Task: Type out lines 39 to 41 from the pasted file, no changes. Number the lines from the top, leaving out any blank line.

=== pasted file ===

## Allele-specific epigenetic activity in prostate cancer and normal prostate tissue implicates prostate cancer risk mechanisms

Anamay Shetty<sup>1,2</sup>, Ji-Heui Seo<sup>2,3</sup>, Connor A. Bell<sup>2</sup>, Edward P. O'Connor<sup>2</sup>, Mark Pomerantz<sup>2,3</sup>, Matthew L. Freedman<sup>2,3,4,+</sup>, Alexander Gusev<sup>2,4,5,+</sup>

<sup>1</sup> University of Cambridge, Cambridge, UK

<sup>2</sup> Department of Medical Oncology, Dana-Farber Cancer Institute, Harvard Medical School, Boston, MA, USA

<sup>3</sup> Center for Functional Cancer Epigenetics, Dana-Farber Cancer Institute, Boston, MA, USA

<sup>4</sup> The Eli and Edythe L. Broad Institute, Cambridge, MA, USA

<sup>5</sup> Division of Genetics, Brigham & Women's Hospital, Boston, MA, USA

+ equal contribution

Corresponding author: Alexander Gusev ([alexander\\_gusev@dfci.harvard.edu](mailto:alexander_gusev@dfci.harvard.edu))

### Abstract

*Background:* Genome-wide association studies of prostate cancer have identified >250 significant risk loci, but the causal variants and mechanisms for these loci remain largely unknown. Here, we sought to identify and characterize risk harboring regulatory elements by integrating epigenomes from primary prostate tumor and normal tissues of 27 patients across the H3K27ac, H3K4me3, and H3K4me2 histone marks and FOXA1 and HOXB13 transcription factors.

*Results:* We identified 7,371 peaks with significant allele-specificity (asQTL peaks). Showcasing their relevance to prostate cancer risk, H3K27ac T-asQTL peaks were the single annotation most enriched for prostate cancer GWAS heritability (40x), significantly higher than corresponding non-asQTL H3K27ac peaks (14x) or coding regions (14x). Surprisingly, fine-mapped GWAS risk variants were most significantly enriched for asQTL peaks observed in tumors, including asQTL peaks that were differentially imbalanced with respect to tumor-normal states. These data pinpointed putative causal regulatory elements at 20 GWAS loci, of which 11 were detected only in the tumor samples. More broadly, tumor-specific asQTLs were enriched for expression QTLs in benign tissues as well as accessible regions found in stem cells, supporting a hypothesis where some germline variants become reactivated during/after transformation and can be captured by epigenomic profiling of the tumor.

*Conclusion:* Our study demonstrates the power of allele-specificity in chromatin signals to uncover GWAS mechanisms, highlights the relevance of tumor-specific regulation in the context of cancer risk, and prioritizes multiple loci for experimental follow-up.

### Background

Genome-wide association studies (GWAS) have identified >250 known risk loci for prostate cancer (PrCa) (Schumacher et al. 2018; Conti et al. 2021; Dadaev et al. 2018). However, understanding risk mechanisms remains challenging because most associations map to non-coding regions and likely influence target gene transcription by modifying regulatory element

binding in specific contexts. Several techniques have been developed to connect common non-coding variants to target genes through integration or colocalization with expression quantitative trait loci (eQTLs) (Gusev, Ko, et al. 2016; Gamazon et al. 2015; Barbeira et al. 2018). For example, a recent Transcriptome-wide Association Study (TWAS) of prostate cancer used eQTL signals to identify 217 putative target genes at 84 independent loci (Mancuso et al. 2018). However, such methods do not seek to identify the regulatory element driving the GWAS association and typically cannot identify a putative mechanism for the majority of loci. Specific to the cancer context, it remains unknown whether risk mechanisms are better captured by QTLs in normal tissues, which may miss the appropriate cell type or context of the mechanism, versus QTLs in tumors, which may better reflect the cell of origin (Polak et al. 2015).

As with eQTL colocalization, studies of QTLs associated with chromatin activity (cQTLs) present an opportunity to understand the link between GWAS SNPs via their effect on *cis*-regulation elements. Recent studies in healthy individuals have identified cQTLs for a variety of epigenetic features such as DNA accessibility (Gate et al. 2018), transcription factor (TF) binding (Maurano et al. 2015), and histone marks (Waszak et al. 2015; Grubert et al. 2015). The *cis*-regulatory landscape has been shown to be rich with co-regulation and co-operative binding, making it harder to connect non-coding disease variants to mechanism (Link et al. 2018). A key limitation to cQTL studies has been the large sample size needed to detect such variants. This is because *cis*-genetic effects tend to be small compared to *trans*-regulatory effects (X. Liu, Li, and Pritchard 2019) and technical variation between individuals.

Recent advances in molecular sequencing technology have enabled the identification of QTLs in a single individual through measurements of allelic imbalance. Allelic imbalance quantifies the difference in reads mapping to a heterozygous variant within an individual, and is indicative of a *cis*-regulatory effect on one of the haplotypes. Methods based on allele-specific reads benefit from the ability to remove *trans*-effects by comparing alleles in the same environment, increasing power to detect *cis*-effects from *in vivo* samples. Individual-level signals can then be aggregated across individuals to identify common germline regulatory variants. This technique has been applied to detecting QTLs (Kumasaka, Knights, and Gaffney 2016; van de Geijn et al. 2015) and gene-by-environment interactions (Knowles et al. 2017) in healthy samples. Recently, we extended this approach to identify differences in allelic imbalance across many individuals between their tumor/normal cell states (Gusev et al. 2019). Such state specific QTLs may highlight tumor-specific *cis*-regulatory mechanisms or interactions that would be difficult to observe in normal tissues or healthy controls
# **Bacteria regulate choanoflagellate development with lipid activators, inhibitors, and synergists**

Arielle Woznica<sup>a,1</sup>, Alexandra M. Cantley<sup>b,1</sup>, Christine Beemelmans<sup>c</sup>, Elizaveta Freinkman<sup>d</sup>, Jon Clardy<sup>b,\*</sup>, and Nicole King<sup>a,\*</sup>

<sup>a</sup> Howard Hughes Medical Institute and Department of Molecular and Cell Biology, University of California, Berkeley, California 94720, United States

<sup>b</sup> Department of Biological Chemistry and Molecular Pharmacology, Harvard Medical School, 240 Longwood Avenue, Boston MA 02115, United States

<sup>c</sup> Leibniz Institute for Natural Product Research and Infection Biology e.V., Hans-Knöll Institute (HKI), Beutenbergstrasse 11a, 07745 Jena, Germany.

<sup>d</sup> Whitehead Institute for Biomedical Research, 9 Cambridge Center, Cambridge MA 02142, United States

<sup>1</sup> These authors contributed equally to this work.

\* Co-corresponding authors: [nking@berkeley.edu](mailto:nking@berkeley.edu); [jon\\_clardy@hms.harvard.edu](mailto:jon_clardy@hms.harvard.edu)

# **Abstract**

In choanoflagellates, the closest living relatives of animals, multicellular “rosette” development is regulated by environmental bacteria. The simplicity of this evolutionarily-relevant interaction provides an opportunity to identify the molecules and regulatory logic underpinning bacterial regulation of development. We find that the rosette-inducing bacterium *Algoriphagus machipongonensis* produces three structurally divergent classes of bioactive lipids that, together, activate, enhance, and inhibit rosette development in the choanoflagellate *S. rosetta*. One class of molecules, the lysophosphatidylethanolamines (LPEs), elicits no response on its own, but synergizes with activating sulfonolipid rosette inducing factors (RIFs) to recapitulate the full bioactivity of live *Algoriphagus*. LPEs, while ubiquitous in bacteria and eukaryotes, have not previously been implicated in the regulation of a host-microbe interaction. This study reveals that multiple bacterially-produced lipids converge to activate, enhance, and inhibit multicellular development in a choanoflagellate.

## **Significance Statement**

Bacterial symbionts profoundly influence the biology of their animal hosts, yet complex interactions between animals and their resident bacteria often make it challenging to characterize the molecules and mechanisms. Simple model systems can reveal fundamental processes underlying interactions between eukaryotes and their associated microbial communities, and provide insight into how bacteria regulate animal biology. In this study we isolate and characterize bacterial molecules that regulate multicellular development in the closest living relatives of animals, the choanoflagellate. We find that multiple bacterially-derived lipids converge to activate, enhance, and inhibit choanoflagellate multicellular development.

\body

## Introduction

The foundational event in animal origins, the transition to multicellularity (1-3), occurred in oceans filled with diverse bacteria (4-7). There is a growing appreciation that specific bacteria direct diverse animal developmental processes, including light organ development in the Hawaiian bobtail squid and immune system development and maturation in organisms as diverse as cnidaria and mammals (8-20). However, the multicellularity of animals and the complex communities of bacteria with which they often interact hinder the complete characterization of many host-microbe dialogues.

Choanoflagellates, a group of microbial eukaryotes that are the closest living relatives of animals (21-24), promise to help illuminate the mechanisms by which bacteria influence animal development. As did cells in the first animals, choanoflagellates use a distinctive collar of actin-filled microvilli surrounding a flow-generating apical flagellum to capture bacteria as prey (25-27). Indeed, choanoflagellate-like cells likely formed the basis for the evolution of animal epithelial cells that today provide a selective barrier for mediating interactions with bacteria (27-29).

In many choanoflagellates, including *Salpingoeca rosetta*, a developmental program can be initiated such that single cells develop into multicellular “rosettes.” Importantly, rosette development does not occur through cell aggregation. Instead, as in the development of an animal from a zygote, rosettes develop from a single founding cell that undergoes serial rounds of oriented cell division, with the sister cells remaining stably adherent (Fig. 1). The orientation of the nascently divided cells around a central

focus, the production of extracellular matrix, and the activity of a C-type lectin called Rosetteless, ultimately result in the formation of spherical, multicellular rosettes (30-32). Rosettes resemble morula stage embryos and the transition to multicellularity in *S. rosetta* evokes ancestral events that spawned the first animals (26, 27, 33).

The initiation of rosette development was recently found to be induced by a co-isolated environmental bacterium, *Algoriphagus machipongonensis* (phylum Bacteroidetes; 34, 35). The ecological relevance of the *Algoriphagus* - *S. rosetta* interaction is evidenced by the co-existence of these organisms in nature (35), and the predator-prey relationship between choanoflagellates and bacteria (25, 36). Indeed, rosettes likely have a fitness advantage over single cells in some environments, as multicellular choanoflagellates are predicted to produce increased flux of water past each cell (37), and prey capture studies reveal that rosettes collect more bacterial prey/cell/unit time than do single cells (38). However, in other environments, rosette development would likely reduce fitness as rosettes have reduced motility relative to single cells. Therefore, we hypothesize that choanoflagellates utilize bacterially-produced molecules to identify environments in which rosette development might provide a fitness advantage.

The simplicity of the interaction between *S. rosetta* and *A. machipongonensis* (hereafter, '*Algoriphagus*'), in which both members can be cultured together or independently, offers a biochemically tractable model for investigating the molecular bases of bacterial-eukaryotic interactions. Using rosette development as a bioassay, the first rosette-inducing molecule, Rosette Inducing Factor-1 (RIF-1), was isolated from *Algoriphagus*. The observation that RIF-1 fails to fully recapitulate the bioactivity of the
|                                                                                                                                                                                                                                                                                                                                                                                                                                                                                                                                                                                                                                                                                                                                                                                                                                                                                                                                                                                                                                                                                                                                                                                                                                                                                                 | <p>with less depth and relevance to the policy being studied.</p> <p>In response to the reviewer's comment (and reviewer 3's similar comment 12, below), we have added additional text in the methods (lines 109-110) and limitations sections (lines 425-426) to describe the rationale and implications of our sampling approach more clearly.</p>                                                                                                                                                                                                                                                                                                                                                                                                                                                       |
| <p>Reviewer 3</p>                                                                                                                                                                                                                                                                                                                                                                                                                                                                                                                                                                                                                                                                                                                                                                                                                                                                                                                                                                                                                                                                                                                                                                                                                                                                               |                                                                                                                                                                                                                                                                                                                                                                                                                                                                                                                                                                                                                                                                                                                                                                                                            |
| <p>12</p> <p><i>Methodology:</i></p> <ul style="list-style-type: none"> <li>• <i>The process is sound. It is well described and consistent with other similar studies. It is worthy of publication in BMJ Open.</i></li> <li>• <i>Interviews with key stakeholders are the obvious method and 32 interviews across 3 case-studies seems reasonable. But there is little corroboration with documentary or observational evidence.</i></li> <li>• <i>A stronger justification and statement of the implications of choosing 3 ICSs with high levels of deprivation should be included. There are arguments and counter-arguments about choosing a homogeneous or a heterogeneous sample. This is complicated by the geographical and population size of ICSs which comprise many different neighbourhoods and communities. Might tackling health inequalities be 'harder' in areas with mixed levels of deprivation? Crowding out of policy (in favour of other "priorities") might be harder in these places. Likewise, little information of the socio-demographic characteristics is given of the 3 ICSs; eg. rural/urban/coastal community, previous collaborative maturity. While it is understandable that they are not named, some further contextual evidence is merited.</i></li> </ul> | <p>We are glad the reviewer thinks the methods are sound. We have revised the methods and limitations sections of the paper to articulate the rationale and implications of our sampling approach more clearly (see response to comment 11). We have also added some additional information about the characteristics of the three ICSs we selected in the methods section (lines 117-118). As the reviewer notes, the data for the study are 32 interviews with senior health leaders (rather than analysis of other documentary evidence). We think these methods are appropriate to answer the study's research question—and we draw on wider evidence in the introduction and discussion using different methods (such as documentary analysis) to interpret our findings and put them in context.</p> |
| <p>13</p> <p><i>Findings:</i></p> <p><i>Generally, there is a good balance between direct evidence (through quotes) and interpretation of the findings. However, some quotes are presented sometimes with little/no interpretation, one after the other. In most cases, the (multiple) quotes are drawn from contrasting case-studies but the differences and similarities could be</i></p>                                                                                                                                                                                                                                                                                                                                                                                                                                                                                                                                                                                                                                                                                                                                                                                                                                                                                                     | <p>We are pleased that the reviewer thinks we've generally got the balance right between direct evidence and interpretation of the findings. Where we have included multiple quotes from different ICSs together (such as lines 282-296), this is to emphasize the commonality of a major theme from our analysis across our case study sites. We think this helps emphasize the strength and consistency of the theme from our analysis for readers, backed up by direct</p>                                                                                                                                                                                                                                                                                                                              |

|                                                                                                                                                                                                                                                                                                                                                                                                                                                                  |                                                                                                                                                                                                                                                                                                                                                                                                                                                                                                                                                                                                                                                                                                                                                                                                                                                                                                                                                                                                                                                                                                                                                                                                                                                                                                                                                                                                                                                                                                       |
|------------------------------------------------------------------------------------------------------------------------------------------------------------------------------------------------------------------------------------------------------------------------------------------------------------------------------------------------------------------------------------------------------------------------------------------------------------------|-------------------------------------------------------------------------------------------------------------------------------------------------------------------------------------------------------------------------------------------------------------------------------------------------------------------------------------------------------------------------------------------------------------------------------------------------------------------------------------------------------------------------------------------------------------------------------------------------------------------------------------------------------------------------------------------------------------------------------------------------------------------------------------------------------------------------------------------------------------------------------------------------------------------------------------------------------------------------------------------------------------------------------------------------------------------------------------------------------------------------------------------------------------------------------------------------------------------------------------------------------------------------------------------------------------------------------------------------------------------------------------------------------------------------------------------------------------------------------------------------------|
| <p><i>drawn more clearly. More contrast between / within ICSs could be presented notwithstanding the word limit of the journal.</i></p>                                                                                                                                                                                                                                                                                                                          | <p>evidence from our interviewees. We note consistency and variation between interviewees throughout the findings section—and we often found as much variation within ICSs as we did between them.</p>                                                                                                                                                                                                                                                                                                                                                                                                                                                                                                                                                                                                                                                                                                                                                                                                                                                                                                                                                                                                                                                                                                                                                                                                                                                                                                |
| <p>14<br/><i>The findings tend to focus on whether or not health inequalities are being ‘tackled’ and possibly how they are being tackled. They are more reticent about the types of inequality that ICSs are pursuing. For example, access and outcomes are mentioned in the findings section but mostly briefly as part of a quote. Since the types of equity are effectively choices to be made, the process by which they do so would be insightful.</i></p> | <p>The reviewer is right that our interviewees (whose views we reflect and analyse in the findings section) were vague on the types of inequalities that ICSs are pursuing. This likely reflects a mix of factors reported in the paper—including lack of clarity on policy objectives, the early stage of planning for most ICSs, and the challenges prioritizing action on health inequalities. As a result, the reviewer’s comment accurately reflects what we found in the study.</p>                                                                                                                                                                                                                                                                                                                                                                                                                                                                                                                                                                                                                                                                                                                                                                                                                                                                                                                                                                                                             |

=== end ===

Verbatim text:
|                                                                                                                                                                                                                                                                                                                                                                                                                                                                                                                                                                                                                                                                                                                                                                                                                                                                                                                                                                                                                                                                                                                                                                                                                                                                                                 | <p>with less depth and relevance to the policy being studied.</p> <p>In response to the reviewer's comment (and reviewer 3's similar comment 12, below), we have added additional text in the methods (lines 109-110) and limitations sections (lines 425-426) to describe the rationale and implications of our sampling approach more clearly.</p>                                                                                                                                                                                                                                                                                                                                                                                                                                                       |
| <p>Reviewer 3</p>                                                                                                                                                                                                                                                                                                                                                                                                                                                                                                                                                                                                                                                                                                                                                                                                                                                                                                                                                                                                                                                                                                                                                                                                                                                                               |                                                                                                                                                                                                                                                                                                                                                                                                                                                                                                                                                                                                                                                                                                                                                                                                            |
| <p>12</p> <p><i>Methodology:</i></p> <ul style="list-style-type: none"> <li>• <i>The process is sound. It is well described and consistent with other similar studies. It is worthy of publication in BMJ Open.</i></li> <li>• <i>Interviews with key stakeholders are the obvious method and 32 interviews across 3 case-studies seems reasonable. But there is little corroboration with documentary or observational evidence.</i></li> <li>• <i>A stronger justification and statement of the implications of choosing 3 ICSs with high levels of deprivation should be included. There are arguments and counter-arguments about choosing a homogeneous or a heterogeneous sample. This is complicated by the geographical and population size of ICSs which comprise many different neighbourhoods and communities. Might tackling health inequalities be 'harder' in areas with mixed levels of deprivation? Crowding out of policy (in favour of other "priorities") might be harder in these places. Likewise, little information of the socio-demographic characteristics is given of the 3 ICSs; eg. rural/urban/coastal community, previous collaborative maturity. While it is understandable that they are not named, some further contextual evidence is merited.</i></li> </ul> | <p>We are glad the reviewer thinks the methods are sound. We have revised the methods and limitations sections of the paper to articulate the rationale and implications of our sampling approach more clearly (see response to comment 11). We have also added some additional information about the characteristics of the three ICSs we selected in the methods section (lines 117-118). As the reviewer notes, the data for the study are 32 interviews with senior health leaders (rather than analysis of other documentary evidence). We think these methods are appropriate to answer the study's research question—and we draw on wider evidence in the introduction and discussion using different methods (such as documentary analysis) to interpret our findings and put them in context.</p> |